Friday, October 28, 2011

Durham Farmers' Market - Get Cooking for Fall!

It's Halloween weekend! That mean jack-o-lanterns, costume parties and trick-or-treating. Like many holidays, Halloween's (and its related holidays - All Saints Day, Day of the Dead, Samhain) timing has its origins in the changing of the seasons.  Oct 31/Nov 1 is the approximate mid-point of Autumn.  It marks the half way point between the autumnal equinox and the winter solstice.   Cultures around the world hold festivals and holidays on almost all of the season changes (solstices & equinoxes) as well as the mid points of the seasons.

Early celebrations of mid-fall included Celtic cultures observance of Samhain, a harvest festival.  It marked the end of the "lighter half" of the year and beginning of the "darker half" of the year.  As they moved into the darker half of the year, they had huge bonfires in celebration.  It also had element of a Festival for the Dead.  Many cultures around the globe held Festivals for the Dead around this time of year to honor and recognize family and community members who have died.  These festivals all have different elements that show up in our current version of Halloween.  Lights are lit, candies and treats are given, effigies are made and costumes are worn.

As we move into the darker half of the year here in Durham, you'll notice some subtle changes here at the Market.  As the first frost looms in our farmland, we'll start seeing fewer and fewer summer vegetables like okra, field grown tomatoes, eggplant, beans, squash, cucumbers.  But, don't let that keep you from the Market this fall and winter, there are lots of exciting things in season during this time of year.... innumerable varieties of greens, sweet potatoes,  cauliflower, broccoli, beets, carrots, winter squashes, pumpkins, and persimmons, just to name a few!  Another change to be aware of is that during the winter, the Markets hours change.  Starting December 3rd, the Market will be open from 10am-Noon, every Saturday through the end of March.

This weekend, you'll find lot of pumpkins, big and small, round and oblong, smooth and bumpy, orange and green and white and more!  There will also be lots of Halloween themed treats from our bakers and food artisans. 
Fruit: Asian Persimmons, Asian Pears, Scuppernong Grapes  
Vegetables:   CAULIFLOWER, BROCCOLI, KOHLRABI, Asian Greens (Tatsoi, Bok Choy, etc.), Arugula, Beans (green, yellow, Roma, filet, purple), Longbeans, Beets, Butterbeans, Cherry Tomatoes, Collards,  Cucumbers,  Dandelion Greens, Eggplant, Garlic, Ginger, Gourds, Herbs (Basil, Cilantro, Oregano, Parsley, Dill, Chives, Mint),  Mustard Greens, Kale, Lambs Quarter,  Lettuce,  Okra, Onions, Green Peanuts, Pea Shoots, Peppers (sweet, hot, Padron), Potatoes, Popcorn, Purple Hull Peas, Pumpkins, Salad Mix, Shiitake Mushrooms, Sweet Potatoes, Swiss Chard,  Summer Squash,   Tomatoes (red and green), Turnips,  Winter Squash (Butternut, Spaghetti, Acorn), Zucchini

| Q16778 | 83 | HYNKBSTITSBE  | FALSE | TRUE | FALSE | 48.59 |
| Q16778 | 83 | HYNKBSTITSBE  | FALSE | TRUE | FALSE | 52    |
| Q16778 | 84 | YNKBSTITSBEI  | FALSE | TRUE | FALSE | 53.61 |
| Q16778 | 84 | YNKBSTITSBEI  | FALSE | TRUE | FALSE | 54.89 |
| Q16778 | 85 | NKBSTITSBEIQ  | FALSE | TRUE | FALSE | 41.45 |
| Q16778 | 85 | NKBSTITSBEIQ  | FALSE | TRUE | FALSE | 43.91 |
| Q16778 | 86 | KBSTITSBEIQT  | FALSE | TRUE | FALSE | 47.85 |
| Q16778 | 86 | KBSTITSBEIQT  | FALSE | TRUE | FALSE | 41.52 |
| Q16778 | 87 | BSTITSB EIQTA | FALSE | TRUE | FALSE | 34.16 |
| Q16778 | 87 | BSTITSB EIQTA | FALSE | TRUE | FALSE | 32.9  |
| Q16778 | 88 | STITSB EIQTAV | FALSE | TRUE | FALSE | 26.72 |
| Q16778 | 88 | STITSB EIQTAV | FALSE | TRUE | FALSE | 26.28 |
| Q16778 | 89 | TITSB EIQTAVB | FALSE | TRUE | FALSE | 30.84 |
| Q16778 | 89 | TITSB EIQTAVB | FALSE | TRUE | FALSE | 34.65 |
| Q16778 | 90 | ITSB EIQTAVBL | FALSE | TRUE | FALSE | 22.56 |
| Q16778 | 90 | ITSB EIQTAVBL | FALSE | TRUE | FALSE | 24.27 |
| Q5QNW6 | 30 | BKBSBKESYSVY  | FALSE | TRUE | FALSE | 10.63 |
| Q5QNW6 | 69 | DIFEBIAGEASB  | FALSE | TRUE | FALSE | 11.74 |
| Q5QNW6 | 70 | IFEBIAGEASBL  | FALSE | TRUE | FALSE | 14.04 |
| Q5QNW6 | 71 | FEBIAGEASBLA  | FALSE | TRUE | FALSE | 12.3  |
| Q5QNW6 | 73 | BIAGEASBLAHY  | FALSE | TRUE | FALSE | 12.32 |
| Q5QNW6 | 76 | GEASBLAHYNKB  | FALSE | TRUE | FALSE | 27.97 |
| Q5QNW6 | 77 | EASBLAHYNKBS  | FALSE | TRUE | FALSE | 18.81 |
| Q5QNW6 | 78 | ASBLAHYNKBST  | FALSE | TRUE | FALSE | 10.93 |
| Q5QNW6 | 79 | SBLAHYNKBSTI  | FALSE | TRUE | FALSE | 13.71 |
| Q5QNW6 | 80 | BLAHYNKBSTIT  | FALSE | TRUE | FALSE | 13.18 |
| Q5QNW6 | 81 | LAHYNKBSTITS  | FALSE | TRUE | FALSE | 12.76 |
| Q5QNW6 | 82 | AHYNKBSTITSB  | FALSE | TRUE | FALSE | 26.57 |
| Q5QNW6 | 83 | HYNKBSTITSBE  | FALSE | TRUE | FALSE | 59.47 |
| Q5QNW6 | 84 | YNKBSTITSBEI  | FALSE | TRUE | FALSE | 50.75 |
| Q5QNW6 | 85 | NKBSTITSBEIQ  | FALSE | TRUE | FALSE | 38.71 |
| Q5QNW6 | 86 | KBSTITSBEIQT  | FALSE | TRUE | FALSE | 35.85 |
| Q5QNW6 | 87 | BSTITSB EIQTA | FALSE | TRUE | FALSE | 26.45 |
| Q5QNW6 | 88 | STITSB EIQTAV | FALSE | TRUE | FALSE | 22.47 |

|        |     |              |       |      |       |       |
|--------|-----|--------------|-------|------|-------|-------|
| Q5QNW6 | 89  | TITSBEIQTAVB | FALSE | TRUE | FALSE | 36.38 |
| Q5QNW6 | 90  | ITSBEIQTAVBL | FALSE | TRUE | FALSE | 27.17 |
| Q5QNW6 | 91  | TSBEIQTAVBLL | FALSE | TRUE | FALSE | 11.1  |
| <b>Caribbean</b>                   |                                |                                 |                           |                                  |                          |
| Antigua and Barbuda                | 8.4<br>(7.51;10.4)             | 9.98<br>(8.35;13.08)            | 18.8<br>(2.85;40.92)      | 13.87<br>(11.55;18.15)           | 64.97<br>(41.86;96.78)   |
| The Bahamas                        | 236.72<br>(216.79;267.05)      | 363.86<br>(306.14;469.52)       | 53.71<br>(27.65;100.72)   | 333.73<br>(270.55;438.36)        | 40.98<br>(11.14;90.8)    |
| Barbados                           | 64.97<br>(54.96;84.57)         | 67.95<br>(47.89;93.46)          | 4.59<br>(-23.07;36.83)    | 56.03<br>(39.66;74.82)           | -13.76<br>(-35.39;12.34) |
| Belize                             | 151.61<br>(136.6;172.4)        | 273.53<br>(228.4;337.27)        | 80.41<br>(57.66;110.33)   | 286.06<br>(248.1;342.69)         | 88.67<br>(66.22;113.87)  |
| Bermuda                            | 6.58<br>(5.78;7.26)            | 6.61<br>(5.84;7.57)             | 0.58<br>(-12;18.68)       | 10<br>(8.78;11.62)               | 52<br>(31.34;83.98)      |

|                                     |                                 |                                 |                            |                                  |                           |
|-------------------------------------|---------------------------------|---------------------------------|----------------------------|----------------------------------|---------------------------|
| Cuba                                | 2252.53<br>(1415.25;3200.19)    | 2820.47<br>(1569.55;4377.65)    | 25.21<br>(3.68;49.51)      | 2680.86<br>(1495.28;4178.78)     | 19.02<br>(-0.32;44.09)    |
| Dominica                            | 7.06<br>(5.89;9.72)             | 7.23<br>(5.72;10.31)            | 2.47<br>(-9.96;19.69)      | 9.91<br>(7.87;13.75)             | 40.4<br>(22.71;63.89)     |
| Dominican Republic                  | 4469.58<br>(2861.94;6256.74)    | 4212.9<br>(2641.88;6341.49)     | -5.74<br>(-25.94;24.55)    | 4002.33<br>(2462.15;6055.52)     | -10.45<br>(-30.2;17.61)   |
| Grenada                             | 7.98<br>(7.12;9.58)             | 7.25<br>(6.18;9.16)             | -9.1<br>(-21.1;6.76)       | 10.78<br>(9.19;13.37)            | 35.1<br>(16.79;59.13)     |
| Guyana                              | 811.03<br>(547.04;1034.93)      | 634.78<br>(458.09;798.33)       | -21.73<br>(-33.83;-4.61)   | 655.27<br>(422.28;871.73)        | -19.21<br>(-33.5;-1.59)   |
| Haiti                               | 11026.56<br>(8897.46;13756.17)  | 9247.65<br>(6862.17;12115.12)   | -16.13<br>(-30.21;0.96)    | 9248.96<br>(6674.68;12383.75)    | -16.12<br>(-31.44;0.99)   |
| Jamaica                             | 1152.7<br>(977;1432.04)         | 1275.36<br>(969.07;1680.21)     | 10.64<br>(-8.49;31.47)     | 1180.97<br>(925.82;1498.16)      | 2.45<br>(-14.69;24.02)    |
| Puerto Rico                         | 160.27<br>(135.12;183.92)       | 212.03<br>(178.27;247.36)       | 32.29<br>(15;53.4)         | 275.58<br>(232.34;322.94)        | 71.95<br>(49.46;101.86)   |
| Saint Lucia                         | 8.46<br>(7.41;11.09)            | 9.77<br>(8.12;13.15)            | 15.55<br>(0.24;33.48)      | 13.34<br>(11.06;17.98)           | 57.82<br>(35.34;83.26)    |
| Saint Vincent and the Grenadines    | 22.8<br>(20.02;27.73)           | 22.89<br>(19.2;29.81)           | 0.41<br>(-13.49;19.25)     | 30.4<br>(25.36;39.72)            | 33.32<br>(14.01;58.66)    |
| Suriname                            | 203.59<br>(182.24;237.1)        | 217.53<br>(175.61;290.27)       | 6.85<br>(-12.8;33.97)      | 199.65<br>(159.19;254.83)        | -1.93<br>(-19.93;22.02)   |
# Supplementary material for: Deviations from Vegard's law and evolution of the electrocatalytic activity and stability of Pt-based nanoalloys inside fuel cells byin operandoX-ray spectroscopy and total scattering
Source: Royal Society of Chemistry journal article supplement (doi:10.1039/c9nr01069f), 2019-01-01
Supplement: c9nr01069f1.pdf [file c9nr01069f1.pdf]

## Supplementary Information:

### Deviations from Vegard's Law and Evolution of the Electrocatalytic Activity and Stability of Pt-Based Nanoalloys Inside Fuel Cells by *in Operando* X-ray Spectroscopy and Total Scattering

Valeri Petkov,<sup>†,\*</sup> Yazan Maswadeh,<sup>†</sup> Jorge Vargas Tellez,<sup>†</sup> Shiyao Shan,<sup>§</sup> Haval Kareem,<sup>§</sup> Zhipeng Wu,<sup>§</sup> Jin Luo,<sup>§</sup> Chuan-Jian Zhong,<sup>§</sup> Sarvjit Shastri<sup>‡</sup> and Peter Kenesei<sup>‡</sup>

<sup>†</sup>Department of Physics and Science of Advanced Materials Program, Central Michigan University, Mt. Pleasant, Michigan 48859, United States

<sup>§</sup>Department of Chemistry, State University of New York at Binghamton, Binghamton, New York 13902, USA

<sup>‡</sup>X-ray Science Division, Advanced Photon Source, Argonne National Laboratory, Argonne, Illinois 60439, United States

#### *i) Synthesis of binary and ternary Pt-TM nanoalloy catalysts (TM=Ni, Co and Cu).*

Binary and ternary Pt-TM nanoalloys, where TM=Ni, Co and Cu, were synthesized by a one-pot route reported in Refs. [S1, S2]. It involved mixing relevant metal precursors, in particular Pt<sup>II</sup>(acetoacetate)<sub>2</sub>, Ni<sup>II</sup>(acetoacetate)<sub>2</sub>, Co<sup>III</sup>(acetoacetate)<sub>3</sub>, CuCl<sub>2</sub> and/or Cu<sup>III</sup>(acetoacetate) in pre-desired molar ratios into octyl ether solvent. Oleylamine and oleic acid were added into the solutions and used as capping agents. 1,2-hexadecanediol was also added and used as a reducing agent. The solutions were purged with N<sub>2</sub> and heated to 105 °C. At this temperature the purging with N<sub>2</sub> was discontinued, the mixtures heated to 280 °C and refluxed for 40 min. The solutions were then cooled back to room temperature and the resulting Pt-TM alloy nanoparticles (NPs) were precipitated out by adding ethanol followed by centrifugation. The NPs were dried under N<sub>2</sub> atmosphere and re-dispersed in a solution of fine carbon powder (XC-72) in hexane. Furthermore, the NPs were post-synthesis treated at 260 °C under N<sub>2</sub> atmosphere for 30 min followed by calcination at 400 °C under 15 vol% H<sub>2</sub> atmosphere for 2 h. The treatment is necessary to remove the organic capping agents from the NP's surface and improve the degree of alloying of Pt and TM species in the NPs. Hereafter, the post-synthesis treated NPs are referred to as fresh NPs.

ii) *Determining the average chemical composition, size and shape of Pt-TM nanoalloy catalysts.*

Flowers:   Asiatic Lillies, Celosia, Dahlia, Gomphrena, Gladiolus, Lisianthus, Sunflowers, Tuber Rose, Zinnia

Meats: Beef, Bison, Chicken, Duck, Goat/Chevron, Lamb, Rabbit, Pork

And: Fall Vegetable Seedlings, Honey, Chicken and Duck Eggs, Flour, Yellow & White Cornmeal, Grits, Pecans, Wines, Fresh and Aged Goats and Cows Milk Cheeses, Baked Goods, Chocolates, Pasta, Beer, Wine, Jams, Jellies, Pickles, Preserves, Wool, Landscaping Plants

Crafts: Hand-dyed Clothes, Jewelery, Baskets, Pottery, Stained Glass Art, Woodwork, Photographs, Soaps and much more...

Thursday, October 27, 2011

A Leap Forward For Intra-Neighborhood Communication

Part of what makes Durham a great place to live is its strong neighborhoods, whose residents epitomize so many of Durham's brand values.  Durham residents are caring, activist in nature, passionate about where they live, unpretentious, and community-spirited.

DCVB has always had an interest in neighborhood communications because residents make Durham such an inviting place for visitors; they are the ones on the street helping people locate landmarks, giving people directions, or just offering smiles, nods and cheery good mornings.  With about 80% of executives who are looking to relocate their businesses also experiencing Durham first as a visitor, the neighborhood experience is one of high importance.  

This blog, written by Durham Convention & Visitors Bureau President Emeritus and Durham blogger Reyn Bowman, showcases a new intra-neighborhood communication tool.  The entrepreneur (another one of Durham's brand values) who created it was a former owner of one of Durham's celebrated cuisine restaurants (Guglhupf).  He made contact with DCVB to get assistance weaving Durham's overarching brand into the new site.  Take a look and see if your neighborhood has its website set up.  If not, submit it!